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10 questions to ask yourself when tackling your first (or a new) Multiphase CFD project
Oct25

10 questions to ask yourself when tackling your first (or a new) Multiphase CFD project

By virtue of the many physical processes we are often attempting to simulate in a virtual environment, CFD can be a complex beast.  To accurately account for all real-world behaviour, the CFD engineer must consider the applicability of a large number of physical effects, including complex turbulence, compressibility, various modes of heat transfer and, last but certainly not least, the interaction of multiple phases comprising liquid, gaseous and solid components.   Even if you have mastered all of your geometry and meshing requirements, and undertaken many years of single-phase CFD simulations, it can still be a daunting task when you are asked to tackle your first multiphase CFD problem.  Before you begin, we recommend that you ask yourself the following:   [1]  For each phase in your system (gas/liquid/solid), make a decision on whether it should be considered as a continuous phase (which assumes all regions of this particular material are connected) or as a discrete phase that is dispersed throughout the domain (e.g. droplets, particles or bubbles).   [2] For each continuous phase, decide whether the flow is laminar or turbulent by evaluating a characteristic Reynolds number for your problem.   [3] Determine the Stokes number for each dispersed component and decide if it will follow the continuous flow closely (smaller Stokes numbers, typically < 0.01) or move largely independently of it (larger Stokes numbers, typically >1).   [4] For each dispersed phase, based on your understanding of the real physics, decide whether it is necessary to model a wide range of sizes (of droplets/particles), or whether your modelling goals can be achieved by modelling the system with a single size or just a few representative size classes.   [5] Decide whether assessing changes to the characteristic size of the dispersed phase (e.g. increasing/decreasing droplet or bubble diameter) will be important for your CFD modelling goals.   [6] If so, assess the mechanism that is causing this breakup or coalescence. The Weber number describes the ratio of inertial forces to surface tension forces acting on the droplet, and can be used to help you decide the dominant breakup mechanism.  Typically the droplet will be stable for Weber Numbers less than 6.   [7] Review whether gravitational effects are important. The Bond number helps you assess this as it describes the ratio of gravitational forces to surface tension forces.   [8] Review whether surface tension effects are important. Check your Capillary number, which is the ratio of viscous forces to surface tension forces.  The appropriate ranges where surface tension can be neglected can be heavily problem dependent, so please contact us if you require for more information on this area.   [9]...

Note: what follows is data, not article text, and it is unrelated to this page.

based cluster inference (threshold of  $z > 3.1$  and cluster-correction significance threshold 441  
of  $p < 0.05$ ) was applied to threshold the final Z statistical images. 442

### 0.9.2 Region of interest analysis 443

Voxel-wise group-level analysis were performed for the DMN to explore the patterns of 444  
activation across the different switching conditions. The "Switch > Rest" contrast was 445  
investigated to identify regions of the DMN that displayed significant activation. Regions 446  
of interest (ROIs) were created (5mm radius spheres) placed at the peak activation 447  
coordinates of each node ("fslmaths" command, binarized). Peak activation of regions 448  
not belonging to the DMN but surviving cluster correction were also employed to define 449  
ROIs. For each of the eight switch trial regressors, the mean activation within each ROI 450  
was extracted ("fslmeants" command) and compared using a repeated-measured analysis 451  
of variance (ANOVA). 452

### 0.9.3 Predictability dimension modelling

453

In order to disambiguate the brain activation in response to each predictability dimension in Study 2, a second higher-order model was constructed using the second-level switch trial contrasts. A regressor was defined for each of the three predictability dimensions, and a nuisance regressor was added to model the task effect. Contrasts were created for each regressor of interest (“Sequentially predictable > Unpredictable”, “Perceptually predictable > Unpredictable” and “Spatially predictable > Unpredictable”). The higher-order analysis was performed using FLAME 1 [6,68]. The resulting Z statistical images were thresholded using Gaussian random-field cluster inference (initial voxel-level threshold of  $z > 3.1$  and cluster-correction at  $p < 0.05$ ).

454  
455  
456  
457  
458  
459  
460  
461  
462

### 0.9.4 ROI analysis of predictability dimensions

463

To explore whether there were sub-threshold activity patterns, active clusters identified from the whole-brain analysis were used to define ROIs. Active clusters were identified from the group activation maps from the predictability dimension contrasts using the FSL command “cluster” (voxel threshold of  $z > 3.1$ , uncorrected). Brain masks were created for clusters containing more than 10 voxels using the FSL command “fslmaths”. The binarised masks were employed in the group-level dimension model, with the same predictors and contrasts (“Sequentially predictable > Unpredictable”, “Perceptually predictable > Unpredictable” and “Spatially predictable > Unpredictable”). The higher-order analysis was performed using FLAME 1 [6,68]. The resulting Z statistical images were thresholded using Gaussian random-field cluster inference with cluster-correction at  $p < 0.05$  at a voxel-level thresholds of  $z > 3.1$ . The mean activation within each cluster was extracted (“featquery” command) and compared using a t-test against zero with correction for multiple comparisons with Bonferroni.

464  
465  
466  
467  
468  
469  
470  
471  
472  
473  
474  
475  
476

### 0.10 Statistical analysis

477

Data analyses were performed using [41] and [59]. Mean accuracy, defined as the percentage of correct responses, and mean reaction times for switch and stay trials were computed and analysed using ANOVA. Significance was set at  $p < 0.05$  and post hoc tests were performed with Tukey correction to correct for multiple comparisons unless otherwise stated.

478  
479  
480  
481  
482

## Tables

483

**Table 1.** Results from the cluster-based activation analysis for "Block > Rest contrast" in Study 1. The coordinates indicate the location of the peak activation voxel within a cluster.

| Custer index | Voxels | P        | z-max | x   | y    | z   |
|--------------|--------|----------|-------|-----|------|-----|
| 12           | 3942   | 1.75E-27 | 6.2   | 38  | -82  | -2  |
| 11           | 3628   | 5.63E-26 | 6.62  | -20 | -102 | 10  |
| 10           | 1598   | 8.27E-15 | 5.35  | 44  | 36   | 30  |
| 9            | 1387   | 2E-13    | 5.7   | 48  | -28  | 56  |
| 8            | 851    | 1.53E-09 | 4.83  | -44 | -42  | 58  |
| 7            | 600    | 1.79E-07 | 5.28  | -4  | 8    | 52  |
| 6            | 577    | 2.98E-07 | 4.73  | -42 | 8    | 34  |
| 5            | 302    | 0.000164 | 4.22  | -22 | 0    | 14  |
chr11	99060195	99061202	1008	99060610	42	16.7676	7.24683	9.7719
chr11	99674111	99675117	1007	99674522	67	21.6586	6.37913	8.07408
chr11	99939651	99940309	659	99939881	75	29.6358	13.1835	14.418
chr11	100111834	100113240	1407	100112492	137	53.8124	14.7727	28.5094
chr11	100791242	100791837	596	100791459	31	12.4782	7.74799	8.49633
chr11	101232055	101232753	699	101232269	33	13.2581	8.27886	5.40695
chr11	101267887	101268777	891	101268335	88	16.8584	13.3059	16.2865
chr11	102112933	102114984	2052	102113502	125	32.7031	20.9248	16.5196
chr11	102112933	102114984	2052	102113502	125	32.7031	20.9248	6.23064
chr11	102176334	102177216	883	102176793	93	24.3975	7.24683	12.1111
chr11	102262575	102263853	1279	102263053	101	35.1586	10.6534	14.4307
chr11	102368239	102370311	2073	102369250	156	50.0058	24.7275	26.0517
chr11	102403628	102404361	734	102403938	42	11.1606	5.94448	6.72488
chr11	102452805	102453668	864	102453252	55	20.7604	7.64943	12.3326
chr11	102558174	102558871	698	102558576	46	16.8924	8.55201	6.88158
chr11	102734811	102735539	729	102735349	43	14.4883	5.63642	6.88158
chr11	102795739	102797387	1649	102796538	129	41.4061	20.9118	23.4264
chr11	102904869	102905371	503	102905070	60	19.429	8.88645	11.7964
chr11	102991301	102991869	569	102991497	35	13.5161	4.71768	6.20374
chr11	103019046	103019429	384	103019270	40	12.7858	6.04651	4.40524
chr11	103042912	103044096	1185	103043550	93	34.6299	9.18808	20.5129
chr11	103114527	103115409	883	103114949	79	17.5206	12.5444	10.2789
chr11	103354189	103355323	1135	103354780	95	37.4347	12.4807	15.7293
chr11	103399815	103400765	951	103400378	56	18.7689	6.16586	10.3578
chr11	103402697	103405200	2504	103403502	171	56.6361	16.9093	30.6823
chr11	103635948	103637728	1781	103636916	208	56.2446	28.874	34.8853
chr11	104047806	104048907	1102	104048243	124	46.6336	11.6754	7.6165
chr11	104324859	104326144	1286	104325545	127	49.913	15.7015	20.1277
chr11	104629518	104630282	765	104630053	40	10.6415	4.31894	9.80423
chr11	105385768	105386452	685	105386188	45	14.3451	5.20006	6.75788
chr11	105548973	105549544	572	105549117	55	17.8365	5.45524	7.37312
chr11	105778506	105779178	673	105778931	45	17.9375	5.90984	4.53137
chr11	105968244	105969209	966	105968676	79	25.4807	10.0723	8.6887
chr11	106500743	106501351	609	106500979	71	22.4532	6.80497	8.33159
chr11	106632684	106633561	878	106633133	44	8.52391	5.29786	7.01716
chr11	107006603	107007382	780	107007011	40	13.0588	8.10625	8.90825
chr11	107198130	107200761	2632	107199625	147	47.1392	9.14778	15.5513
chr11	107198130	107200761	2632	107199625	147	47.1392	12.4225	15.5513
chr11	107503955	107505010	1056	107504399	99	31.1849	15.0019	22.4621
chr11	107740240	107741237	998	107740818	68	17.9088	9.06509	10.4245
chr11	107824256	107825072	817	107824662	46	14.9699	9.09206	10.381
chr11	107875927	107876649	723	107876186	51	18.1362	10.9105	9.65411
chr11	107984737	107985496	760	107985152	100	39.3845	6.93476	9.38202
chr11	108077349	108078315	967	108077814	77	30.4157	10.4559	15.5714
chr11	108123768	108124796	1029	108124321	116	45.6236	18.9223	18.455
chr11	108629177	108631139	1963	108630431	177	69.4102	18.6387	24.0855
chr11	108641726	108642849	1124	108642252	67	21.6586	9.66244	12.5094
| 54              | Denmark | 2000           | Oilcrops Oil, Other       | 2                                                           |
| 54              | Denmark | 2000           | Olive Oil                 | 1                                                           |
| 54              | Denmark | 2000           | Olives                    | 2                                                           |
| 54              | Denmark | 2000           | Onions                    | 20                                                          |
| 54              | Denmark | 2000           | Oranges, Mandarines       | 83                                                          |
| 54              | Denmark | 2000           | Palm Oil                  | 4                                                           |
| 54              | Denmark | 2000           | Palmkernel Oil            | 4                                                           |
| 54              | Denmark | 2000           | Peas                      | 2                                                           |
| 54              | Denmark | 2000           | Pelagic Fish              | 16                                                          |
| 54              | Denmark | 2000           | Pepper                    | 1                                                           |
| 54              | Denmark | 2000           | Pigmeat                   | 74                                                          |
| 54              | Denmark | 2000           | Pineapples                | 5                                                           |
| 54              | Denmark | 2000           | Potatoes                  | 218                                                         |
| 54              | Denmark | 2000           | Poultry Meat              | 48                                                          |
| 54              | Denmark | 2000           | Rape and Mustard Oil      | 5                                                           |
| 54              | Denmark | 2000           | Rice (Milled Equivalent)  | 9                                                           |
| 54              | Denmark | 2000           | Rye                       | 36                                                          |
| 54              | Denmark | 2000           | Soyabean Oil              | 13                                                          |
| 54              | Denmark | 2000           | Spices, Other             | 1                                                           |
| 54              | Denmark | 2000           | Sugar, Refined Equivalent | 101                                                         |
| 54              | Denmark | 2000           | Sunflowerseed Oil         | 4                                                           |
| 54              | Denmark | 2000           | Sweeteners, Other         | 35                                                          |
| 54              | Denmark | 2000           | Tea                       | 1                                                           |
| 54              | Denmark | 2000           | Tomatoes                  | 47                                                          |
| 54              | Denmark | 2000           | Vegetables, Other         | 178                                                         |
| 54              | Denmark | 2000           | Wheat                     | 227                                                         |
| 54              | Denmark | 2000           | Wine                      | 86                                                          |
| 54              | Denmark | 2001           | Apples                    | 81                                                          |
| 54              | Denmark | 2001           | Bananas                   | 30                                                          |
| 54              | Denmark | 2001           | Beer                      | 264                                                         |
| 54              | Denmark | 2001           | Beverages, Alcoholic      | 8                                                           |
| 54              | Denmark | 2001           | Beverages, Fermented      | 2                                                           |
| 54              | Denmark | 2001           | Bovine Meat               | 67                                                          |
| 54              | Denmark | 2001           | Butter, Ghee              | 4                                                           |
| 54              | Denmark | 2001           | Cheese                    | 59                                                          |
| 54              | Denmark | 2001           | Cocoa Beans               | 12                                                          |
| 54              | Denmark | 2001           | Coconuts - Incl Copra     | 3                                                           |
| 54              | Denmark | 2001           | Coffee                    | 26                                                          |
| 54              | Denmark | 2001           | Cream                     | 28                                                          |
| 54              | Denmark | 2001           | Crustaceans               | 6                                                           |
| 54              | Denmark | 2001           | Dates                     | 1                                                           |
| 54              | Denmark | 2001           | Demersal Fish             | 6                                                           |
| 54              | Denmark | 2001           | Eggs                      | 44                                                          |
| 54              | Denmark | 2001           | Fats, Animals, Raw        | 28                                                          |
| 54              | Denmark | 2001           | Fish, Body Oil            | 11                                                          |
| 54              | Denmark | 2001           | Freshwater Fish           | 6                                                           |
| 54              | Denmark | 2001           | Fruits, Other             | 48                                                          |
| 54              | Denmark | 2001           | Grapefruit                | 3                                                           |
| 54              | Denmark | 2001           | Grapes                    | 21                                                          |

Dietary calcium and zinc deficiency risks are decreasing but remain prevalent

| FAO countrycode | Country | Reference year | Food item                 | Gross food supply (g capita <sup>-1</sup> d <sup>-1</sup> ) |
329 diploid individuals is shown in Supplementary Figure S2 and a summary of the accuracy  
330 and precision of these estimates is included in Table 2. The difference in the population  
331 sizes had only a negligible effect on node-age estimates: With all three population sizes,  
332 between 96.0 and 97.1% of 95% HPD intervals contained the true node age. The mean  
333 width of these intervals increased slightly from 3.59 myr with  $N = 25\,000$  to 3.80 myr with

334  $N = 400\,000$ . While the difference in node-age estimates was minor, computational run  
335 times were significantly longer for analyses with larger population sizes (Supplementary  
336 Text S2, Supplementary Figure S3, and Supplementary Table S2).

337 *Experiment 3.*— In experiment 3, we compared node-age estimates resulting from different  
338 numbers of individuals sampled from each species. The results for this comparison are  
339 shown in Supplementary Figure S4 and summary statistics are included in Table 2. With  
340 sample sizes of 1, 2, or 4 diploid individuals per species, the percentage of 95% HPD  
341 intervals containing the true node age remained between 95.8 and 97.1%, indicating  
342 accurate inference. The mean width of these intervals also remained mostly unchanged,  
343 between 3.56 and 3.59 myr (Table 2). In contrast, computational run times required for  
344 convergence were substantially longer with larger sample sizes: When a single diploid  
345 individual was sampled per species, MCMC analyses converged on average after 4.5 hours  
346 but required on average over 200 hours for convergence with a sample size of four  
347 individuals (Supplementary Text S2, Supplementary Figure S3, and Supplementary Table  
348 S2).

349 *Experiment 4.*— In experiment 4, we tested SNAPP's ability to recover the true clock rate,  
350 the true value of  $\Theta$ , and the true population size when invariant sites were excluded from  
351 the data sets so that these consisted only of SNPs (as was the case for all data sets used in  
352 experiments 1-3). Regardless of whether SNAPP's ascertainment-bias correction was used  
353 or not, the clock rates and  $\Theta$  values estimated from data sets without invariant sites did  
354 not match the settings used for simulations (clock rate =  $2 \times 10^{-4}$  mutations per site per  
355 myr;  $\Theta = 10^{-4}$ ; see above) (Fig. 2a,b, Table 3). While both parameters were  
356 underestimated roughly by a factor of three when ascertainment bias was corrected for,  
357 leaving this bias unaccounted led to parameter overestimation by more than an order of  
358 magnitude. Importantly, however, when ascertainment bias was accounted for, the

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Learn from the Expert: Training in Multiphase Flow Modelling with Dr. Markus Braun, ANSYS Inc.
Aug31

Learn from the Expert: Training in Multiphase Flow Modelling with Dr. Markus Braun, ANSYS Inc.

LEAP Australia is pleased to announce a visit to Australia by Dr Markus Braun, Team Leader, Multiphase Development, ANSYS Inc.  Dr. Braun will be presenting a two-day course in Melbourne on Multiphase Flow Modelling, in conjunction with his visit to the 2012 CSIRO Conference on CFD in the Minerals and Process Industries.   The training will be held in Melbourne on December 13-14, 2012.   Who should attend? This course is a rare opportunity for all engineers & managers who are working with CFD simulations involving multiphase flow, in an industrial or research environment. The course will comprise a mixture of lectures and example case studies which will allow attendees to gain a first hand knowledge of all multiphase modelling approaches available in ANSYS CFD and their application to various industrial problems.   ABOUT THE PRESENTER Dr. Markus Braun studied mechanical engineering at RWTH Aachen, receiving his Diploma in 1989. He finished his studies with the award of the Springorum Denkmünze for excellent students at RWTH Aachen. Markus then joined the Institute for Heat Transfer at RWTH Aachen where he worked on condensation of multi component mixtures and simulation of continuous fiber spinning. In 1995, Markus joined FLUENT Deutschland GmbH as a Support and Consulting Engineer. In 2000, he took over development of the Euler/Lagrange model in FLUENT and became the head of the functional group of the "Discrete Phase Model" and supervised the development team in Germany working on models to describe multiphase flows, turbulence, plasma flows, fuel cells, and numerical schemes.  In 2006, Markus became the technical lead for development in Euler/Lagrange multiphase flow modeling at ANSYS Inc.   For an overview of Multiphase Models available using ANSYS CFD, please click here.   TO REGISTER: Click this link to proceed to LEAP's Training Registration Melbourne: 2-day Training Course in Multiphase Flow Modelling Date: Thurs 13th to Fri 14th Dec, 2012 Venue: MCEC, Southbank, Melbourne, Vic   A discount will also be available to organisations submitting 2 or more registrations. To enquire about the multiple registration discount, please click here and fill out your...

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